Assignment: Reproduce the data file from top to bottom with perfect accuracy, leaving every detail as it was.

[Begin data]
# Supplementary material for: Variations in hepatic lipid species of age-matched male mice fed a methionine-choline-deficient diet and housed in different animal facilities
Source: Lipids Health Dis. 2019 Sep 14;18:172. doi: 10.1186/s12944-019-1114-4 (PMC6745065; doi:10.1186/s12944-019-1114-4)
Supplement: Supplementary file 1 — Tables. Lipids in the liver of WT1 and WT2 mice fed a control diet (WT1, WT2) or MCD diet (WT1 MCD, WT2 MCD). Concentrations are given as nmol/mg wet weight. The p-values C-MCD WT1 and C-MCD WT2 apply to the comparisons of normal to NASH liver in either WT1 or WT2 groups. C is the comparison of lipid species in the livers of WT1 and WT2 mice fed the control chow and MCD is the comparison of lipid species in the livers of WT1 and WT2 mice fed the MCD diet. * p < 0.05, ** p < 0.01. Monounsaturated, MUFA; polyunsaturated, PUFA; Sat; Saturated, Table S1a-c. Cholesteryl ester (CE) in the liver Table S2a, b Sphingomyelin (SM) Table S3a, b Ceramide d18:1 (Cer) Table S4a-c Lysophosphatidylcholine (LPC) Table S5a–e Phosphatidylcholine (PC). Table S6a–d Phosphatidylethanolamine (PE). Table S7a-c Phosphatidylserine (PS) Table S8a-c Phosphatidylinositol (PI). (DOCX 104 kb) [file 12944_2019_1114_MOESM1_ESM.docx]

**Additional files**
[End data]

# Supplementary material for: Variations in hepatic lipid species of age-matched male mice fed a methionine-choline-deficient diet and housed in different animal facilities
Source: Lipids Health Dis. 2019 Sep 14;18:172. doi: 10.1186/s12944-019-1114-4 (PMC6745065; doi:10.1186/s12944-019-1114-4)
Supplement: Supplementary file 1 — Tables. Lipids in the liver of WT1 and WT2 mice fed a control diet (WT1, WT2) or MCD diet (WT1 MCD, WT2 MCD). Concentrations are given as nmol/mg wet weight. The p-values C-MCD WT1 and C-MCD WT2 apply to the comparisons of normal to NASH liver in either WT1 or WT2 groups. C is the comparison of lipid species in the livers of WT1 and WT2 mice fed the control chow and MCD is the comparison of lipid species in the livers of WT1 and WT2 mice fed the MCD diet. * p < 0.05, ** p < 0.01. Monounsaturated, MUFA; polyunsaturated, PUFA; Sat; Saturated, Table S1a-c. Cholesteryl ester (CE) in the liver Table S2a, b Sphingomyelin (SM) Table S3a, b Ceramide d18:1 (Cer) Table S4a-c Lysophosphatidylcholine (LPC) Table S5a–e Phosphatidylcholine (PC). Table S6a–d Phosphatidylethanolamine (PE). Table S7a-c Phosphatidylserine (PS) Table S8a-c Phosphatidylinositol (PI). (DOCX 104 kb) [file 12944_2019_1114_MOESM1_ESM.docx]

**Additional files**